The First Battle of Deep Bottom and the Battle of the Crater are inextricably linked. General Grant used the demonstration against Deep Bottom as a diversion from the tunneling that preceded the attack at the Crater.
The First Battle of Deep Bottom
In late June Lt. Col. Henry Pleasants, the commander of the 48th Pennsylvania Infantry made a proposal through the chain of command for a tunnel from the Federal lines to the Confederate. Once there, Pleasants proposed to fill the end of the mine with gunpowder, blow a hole in the Confederate defensive line and rush the gap. His plan was approved and his men, many of whom were coal miners, began to dig.
As the time came to pack the mine with the explosives, the Federal high command determined that a diversion was needed in order to draw enemy troops away from the location of the proposed detonation. Grant ordered Hancock’s II Corps and two divisions of Sheridan’s cavalry to stage the diversion. They were to cross the river to Deep Bottom by pontoon bridge and advance against the Confederate capital of Richmond.
The plan called for Hancock to pin the Confederates at Chaffin’s Bluff while Sheridan’s cavalry was to advance into the city. If, however, that was not possible the cavalry was ordered to ride north and west of Richmond in order to cut the Virginia Central Railroad.
Somehow Lee deduced Hancock’s moves and reinforced his defenses to a point where 16,500 men manned the defensive lines. Both Hancock’s and Sheridan’s advances on July 27th were stymied by the formidable defenses.
Meanwhile, Lee reacted as Grant had hoped, bringing reinforcements to the front from Petersburg. On the morning of the 28th Grant committed one brigade from the XIX Corps to the attack. By the afternoon the attacks were recalled. Grant having felt that Lee was sufficiently distracted scheduled the explosion for July 30th. Federal casualties were 488, Confederates 689.
The Battle of the Crater
Lt. Col. Henry Pleasants, the commander of the 48th Pennsylvania of Burnside’s Corps, had suggested a plan to dig a tunnel underneath the Confederate defensive line in late June. Pleasants who was a mining engineer in civilian life was the perfect man for the job. Many of his soldiers were coal miners from western Pennsylvania.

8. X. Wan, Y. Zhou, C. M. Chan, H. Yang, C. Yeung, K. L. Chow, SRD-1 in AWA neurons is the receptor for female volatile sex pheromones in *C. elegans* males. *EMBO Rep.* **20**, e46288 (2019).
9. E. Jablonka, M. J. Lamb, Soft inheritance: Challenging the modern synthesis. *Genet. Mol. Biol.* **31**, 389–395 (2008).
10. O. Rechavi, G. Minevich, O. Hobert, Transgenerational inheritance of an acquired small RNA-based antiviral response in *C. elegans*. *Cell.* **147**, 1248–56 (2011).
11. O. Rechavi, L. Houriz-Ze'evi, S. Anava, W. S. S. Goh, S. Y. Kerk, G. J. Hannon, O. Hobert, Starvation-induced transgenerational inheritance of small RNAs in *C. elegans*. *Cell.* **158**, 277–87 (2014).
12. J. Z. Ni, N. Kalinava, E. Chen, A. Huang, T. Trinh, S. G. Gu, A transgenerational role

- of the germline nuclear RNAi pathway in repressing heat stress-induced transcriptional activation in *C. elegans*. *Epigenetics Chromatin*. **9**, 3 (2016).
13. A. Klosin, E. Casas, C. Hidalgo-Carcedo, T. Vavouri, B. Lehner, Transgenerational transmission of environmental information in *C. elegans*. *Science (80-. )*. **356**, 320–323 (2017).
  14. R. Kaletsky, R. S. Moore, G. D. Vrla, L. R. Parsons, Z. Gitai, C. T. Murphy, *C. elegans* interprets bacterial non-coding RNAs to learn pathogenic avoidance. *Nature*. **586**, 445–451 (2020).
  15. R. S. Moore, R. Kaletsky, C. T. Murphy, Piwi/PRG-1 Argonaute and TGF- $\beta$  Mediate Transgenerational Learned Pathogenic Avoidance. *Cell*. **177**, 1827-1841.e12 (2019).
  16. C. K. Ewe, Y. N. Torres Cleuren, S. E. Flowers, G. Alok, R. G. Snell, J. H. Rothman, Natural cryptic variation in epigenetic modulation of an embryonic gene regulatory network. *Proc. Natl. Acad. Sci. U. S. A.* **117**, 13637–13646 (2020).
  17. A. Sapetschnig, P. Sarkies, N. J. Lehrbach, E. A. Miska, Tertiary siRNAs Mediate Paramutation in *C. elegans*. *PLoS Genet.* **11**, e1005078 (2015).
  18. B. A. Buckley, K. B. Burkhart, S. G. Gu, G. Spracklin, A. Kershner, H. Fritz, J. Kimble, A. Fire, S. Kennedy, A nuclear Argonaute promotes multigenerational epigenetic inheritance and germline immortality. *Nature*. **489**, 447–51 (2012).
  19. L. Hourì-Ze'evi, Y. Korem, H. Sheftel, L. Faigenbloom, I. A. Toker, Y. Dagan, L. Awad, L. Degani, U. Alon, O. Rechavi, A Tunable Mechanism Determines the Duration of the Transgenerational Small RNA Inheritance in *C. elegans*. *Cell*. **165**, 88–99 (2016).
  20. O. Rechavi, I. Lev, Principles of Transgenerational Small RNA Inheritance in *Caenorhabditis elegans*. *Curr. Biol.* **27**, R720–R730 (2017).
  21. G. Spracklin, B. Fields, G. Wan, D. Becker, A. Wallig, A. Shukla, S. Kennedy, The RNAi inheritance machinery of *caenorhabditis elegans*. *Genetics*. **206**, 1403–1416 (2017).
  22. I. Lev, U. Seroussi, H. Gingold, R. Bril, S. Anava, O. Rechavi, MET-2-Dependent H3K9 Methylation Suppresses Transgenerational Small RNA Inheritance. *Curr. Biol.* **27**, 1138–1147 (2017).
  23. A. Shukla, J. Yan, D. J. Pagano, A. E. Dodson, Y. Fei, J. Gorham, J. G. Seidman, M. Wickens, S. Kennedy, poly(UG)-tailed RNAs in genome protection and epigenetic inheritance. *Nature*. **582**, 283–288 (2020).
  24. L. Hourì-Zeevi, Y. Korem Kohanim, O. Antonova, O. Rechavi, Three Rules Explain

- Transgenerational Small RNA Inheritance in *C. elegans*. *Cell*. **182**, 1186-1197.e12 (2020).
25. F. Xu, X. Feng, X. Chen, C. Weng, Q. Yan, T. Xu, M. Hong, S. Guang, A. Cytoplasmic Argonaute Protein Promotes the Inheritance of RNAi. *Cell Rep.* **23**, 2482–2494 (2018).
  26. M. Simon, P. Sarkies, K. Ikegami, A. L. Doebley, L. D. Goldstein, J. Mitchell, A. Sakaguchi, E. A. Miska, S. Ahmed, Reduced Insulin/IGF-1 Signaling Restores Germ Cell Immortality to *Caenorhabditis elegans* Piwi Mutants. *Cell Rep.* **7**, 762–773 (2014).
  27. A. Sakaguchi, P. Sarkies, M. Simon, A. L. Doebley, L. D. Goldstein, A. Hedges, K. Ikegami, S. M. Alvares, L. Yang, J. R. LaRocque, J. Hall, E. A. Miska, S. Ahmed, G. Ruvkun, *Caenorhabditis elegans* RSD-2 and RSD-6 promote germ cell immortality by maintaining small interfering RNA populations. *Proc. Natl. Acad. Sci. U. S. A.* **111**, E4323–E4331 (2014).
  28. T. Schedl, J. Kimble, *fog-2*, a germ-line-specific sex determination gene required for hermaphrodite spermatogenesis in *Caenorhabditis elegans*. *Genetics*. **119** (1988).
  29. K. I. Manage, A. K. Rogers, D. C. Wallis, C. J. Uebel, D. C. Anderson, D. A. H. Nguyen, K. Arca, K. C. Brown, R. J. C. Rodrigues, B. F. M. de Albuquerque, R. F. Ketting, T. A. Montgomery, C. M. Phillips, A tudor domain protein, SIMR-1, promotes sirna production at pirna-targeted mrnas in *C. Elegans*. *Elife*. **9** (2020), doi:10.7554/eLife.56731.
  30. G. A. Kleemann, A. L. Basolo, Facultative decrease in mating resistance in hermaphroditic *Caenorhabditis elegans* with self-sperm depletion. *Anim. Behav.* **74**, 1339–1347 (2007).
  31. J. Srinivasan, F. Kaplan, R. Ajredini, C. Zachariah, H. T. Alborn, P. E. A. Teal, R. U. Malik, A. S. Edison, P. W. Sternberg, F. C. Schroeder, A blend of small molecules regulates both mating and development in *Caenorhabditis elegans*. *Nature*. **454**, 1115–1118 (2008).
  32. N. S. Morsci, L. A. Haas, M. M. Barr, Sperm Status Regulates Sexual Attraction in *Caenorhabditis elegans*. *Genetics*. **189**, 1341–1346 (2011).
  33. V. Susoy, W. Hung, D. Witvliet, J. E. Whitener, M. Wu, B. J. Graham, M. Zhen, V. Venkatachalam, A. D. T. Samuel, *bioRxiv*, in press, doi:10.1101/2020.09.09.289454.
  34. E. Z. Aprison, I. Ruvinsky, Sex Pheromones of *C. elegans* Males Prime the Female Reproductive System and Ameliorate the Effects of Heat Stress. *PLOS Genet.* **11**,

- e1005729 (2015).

The tunnel that they dug was 511 feet long with a “T” at the end. Each leg of the “T” was 75 feet long. The tunnel was about 4 feet wide at the bottom and 2 ½ feet wide at the top. It was 5 feet high. The miners packed the two laterals with 8,000 lbs. of gunpowder just 20 feet under the Confederate lines.
In the meantime, Burnside was training a division of United States Colored Troops who were commanded by Brig. Gen. Edward Ferraro. Burnside’s plan was well thought out. Two regiments would lead the attack and spread out across the enemy line. The rest of the division would follow and head for the city of Petersburg. Burnside’s other two divisions would through the gap and protect the center columns flanks.
Fate struck in the form of interference from George Meade. Fearful of a tremendous outcry if the United States Colored Troops took unacceptable casualties, he ordered Burnside to use a white division. The three division commanders drew lots and Brig. Gen. James Ledlie’s 1st Division was selected. Ledlie, however failed to brief his men about how to perform the operation. He was drunk and in a bombproof during the operation. He was later dismissed from the army for his actions during the assault.
On July 30th at 4:44 AM the charges exploded creating a massive crater 170 feet long, 60 to 60 feet wide and 30 feet deep. In an instant it annihilated Richard Pegram’s Battery, the 18th South Carolina and half of the 17th South Carolina.